This post is not not intended to instruct you on how to CAN so I would suggest you read up on the subject. 

Put lids on jars and twist until finger tip tight. If you put the lids on to firmly the air will not be able to escape and the jars could shatter or crack. 

Process using the Immersion Circulator at 145 f degrees for 2.5- 3 hours. Eat after about a week. 

Sunday, May 15, 2016

Russian Stout Mustard

This is very similar to my Bourbon Barrel Stout Mustard.  After drinking this beer I knew I had to make mustard from this Russian Stout. Heck I am mostly Russian by blood so why not a mustard by yours truly.

Like many of my other mustard recipes SEE HERE everything starts out with seeds and a liquid. I won't go into a lot of details here because this is so similar to my Gingerbread Stout Mustard.  

Place beer and seeds in a bowl, give it a stir and place in refrigerator for 3 days. After three days place all ingredients in a food processor or in my case a vitamix. Add just enough water to help the blades process the seeds and and give it the texture you want. This is different for everyone. 

Note: there is no measurement for water. Depending on how much liquid the seeds absorbed the water content changes.

All done...
Note: In the Bourbon Barrel Beer Mustard I had use only 60 grams of Apple Cider Vinegar which created a Ph of 4.3 which was perfect for hot water bath canning. With the Russian Stout Mustard the Ph was averaging 4.68-4.72 so in order to CANN properly I added another 30 grams of Vinegar (Total of 90 grams) to bring it down to acceptable levels. For more details on how to can CLICK HERE.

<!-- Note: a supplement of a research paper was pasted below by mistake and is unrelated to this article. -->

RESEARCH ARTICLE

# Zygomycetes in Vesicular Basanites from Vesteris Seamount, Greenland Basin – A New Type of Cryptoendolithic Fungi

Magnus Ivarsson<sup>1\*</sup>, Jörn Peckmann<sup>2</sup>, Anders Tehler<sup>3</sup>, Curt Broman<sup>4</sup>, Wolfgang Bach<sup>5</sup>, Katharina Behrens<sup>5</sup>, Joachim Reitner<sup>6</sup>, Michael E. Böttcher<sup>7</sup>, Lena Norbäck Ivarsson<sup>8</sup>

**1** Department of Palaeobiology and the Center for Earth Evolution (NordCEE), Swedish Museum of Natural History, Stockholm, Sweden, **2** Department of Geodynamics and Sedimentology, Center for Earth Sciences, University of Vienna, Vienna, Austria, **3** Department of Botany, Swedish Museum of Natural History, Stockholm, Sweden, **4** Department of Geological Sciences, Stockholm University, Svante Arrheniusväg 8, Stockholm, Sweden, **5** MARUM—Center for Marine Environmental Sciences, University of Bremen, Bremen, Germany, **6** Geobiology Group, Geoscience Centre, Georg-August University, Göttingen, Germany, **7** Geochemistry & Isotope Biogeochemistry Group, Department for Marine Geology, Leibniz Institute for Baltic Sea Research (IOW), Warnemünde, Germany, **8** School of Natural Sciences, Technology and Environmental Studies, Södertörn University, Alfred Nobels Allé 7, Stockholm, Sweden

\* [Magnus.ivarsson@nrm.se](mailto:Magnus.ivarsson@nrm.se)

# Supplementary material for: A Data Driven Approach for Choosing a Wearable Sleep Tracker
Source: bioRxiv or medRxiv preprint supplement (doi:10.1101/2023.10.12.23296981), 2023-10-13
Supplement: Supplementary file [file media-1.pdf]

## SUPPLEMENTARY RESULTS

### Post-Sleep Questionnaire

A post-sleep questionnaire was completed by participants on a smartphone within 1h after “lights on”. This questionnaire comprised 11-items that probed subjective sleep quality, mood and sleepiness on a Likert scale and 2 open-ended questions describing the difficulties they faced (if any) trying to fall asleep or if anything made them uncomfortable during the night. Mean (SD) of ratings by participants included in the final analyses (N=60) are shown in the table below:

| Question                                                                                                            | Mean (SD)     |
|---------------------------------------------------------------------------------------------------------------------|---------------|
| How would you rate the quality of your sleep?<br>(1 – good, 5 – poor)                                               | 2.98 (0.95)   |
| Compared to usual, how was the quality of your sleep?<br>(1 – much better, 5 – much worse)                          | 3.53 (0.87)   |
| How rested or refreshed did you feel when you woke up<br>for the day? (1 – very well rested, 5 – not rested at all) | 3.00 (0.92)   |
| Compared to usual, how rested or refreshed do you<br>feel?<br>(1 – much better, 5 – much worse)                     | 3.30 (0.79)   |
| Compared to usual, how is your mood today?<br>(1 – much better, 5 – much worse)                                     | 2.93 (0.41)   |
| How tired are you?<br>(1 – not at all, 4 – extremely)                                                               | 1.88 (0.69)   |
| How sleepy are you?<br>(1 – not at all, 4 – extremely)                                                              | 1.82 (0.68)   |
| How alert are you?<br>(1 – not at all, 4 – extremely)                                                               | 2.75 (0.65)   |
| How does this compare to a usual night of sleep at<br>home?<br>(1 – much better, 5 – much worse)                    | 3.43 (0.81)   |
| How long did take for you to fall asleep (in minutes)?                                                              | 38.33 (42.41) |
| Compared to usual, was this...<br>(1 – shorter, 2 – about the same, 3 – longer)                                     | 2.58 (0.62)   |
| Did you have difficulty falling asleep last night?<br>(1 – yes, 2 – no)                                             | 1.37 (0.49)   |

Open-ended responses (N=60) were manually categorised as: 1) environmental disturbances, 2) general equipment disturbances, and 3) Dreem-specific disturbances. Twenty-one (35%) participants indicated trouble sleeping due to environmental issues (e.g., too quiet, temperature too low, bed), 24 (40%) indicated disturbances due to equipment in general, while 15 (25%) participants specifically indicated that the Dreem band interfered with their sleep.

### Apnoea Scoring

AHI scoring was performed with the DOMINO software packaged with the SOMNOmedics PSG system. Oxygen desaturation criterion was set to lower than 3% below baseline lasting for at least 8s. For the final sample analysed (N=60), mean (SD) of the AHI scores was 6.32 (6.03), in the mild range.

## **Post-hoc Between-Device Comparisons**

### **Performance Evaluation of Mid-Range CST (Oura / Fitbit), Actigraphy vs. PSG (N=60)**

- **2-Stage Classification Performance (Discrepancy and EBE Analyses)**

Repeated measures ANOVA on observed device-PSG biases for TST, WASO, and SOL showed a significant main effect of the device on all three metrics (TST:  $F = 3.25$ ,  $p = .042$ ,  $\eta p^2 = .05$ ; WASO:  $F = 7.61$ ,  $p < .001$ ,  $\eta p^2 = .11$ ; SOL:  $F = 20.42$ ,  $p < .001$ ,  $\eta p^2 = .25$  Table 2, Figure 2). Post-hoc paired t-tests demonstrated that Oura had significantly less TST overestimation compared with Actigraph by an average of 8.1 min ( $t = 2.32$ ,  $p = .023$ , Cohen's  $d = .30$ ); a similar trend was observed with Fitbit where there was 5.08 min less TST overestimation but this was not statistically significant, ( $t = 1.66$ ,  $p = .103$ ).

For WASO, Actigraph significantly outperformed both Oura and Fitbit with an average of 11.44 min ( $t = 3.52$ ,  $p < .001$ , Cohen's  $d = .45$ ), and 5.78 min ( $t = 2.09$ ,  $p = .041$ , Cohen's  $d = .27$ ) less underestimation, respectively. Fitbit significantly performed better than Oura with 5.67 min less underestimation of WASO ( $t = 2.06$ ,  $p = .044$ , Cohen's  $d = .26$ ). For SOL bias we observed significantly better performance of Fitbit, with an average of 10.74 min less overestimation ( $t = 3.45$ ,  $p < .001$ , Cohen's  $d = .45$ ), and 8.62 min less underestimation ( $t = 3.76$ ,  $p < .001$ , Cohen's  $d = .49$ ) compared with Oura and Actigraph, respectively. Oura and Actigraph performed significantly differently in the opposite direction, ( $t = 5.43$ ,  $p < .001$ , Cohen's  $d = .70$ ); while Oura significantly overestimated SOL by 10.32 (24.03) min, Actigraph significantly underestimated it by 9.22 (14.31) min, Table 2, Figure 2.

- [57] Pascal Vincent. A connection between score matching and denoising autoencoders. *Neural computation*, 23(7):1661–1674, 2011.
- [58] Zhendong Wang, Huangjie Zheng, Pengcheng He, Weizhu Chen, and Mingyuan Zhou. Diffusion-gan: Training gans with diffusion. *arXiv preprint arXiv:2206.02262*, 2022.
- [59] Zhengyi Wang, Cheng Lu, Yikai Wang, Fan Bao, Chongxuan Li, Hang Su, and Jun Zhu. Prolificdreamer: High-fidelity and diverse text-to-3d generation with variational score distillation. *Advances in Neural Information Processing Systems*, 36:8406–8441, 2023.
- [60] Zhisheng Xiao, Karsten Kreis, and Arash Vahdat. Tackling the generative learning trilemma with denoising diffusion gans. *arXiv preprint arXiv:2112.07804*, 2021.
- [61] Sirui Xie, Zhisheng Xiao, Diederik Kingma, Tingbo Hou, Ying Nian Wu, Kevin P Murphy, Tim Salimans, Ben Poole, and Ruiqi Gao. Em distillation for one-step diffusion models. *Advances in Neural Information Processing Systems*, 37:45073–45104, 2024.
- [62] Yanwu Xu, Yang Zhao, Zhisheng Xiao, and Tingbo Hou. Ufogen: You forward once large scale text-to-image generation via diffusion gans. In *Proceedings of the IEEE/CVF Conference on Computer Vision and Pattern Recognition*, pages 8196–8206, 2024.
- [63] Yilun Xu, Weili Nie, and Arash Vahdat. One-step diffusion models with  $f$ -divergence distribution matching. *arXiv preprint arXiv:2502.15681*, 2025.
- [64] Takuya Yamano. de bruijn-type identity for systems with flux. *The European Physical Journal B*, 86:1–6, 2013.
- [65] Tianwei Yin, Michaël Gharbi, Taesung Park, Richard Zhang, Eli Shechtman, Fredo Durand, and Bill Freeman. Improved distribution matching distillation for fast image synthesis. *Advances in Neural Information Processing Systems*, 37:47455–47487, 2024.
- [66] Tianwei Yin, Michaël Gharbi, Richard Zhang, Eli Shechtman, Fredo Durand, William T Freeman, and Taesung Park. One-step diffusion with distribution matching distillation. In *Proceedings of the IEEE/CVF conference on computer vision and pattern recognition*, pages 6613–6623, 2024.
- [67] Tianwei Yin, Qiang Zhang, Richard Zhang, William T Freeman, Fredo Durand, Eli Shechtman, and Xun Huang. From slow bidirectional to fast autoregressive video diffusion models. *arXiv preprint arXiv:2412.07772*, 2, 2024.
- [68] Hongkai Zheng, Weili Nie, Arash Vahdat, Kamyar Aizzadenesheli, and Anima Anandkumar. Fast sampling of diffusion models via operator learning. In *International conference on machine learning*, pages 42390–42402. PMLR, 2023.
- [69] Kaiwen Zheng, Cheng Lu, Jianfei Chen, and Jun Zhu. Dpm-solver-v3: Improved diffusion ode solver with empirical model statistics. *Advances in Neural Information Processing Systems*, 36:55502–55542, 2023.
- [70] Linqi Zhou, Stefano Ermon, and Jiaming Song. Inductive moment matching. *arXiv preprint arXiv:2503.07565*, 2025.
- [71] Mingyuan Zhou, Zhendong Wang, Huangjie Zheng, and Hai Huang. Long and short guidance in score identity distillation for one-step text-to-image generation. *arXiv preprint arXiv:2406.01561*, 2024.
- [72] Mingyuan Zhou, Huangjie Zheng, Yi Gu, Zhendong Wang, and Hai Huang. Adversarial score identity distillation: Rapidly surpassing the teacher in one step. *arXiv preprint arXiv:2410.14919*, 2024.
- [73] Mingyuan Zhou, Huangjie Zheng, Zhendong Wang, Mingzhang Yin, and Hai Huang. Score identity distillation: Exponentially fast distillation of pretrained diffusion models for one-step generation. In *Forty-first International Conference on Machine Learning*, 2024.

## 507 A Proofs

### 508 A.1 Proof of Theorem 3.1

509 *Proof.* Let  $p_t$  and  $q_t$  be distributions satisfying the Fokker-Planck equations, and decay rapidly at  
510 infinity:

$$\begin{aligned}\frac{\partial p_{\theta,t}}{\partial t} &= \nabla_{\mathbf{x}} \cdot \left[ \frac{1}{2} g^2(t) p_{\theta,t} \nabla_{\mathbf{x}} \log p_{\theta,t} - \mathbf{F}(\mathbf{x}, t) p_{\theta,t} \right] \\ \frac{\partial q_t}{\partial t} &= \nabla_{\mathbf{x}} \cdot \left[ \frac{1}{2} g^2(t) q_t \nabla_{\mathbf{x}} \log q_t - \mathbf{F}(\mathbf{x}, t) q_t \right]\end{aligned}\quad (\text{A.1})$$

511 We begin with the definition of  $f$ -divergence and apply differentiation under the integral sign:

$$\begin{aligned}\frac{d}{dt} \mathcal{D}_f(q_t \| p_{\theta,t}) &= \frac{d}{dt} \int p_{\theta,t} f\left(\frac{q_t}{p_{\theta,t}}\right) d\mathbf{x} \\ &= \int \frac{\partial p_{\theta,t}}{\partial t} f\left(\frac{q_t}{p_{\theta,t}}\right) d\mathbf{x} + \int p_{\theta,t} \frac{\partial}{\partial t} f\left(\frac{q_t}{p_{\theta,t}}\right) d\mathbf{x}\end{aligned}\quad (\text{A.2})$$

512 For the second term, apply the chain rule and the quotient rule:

Wednesday, March 9, 2016

Moroccan Mustard

I love Moroccan Food! So I decided to make a mustard using the traditional spices that are used to create this incredible cuisine. I own three Tajines which should tell you how much I love this food. 

Before I dive into the recipe and only if your interested take a look at some of my previous posts to understand more about mustard.

Combine and stir the mustard seeds with the Vinegar and the first Water listed in the recipe which would be 600 g. Cover and let sit for about 36-48 hours in the refrigerator. Note: Adding vinegar in the beginning will produce a less pungent mustard. If you want a pungent mustard add the Vinegar at the end with the rest of the ingredients. 

Let's talk about the other ingredients. When possible I like use whole spices but you don't have too. If you bought them whole make sure to grind them in a spice mill. Anyhow combine all the spices in a bowl and set aside. Measure out the sugar and honey in separate bowls. Note: I soak the bottle holding the Honey in hot water so it will pour easily and will combine with the rest of the ingredients with ease. Grab yourself a big ass blender and blend the seeds to your desired viscosity. Start adding the Spices, Sugar and Honey and water which is listed at the end of the recipe. Start adding the additional water listed at the end of the recipe to get the desired thickness. You may end up adding less or more depending on what you want. Let the mustard sit for a day or two in a bowl refrigerated and then test. How does it taste? Adjust from here. More Sugar, Honey Salt or whatever.